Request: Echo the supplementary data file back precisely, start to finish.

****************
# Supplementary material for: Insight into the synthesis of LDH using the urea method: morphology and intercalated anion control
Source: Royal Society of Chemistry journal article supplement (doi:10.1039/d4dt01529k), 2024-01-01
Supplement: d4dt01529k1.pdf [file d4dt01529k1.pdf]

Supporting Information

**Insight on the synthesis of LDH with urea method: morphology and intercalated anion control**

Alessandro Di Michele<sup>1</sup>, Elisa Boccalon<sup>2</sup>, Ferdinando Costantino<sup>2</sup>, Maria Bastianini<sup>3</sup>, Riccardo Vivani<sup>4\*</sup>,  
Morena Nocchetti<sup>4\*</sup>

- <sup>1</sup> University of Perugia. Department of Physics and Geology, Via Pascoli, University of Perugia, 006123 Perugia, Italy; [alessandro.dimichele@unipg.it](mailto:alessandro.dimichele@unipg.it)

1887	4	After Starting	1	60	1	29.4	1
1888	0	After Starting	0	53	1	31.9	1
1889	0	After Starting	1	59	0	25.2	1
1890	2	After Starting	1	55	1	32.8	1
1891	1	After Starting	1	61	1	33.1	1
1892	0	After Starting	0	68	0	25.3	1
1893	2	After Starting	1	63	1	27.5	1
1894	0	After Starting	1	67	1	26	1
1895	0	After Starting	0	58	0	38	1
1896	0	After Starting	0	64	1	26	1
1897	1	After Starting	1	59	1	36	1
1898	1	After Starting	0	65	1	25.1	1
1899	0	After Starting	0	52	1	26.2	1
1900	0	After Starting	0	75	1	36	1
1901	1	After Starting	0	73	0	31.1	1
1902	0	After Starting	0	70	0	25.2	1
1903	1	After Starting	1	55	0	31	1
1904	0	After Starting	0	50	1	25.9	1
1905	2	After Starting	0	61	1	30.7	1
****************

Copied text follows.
# Supplementary material for: Insight into the synthesis of LDH using the urea method: morphology and intercalated anion control
Source: Royal Society of Chemistry journal article supplement (doi:10.1039/d4dt01529k), 2024-01-01
Supplement: d4dt01529k1.pdf [file d4dt01529k1.pdf]

Supporting Information

**Insight on the synthesis of LDH with urea method: morphology and intercalated anion control**

Alessandro Di Michele<sup>1</sup>, Elisa Boccalon<sup>2</sup>, Ferdinando Costantino<sup>2</sup>, Maria Bastianini<sup>3</sup>, Riccardo Vivani<sup>4\*</sup>,  
Morena Nocchetti<sup>4\*</sup>

- <sup>1</sup> University of Perugia. Department of Physics and Geology, Via Pascoli, University of Perugia, 006123 Perugia, Italy; [alessandro.dimichele@unipg.it](mailto:alessandro.dimichele@unipg.it)

1887	4	After Starting	1	60	1	29.4	1
1888	0	After Starting	0	53	1	31.9	1
1889	0	After Starting	1	59	0	25.2	1
1890	2	After Starting	1	55	1	32.8	1
1891	1	After Starting	1	61	1	33.1	1
1892	0	After Starting	0	68	0	25.3	1
1893	2	After Starting	1	63	1	27.5	1
1894	0	After Starting	1	67	1	26	1
1895	0	After Starting	0	58	0	38	1
1896	0	After Starting	0	64	1	26	1
1897	1	After Starting	1	59	1	36	1
1898	1	After Starting	0	65	1	25.1	1
1899	0	After Starting	0	52	1	26.2	1
1900	0	After Starting	0	75	1	36	1
1901	1	After Starting	0	73	0	31.1	1
1902	0	After Starting	0	70	0	25.2	1
1903	1	After Starting	1	55	0	31	1
1904	0	After Starting	0	50	1	25.9	1
1905	2	After Starting	0	61	1	30.7	1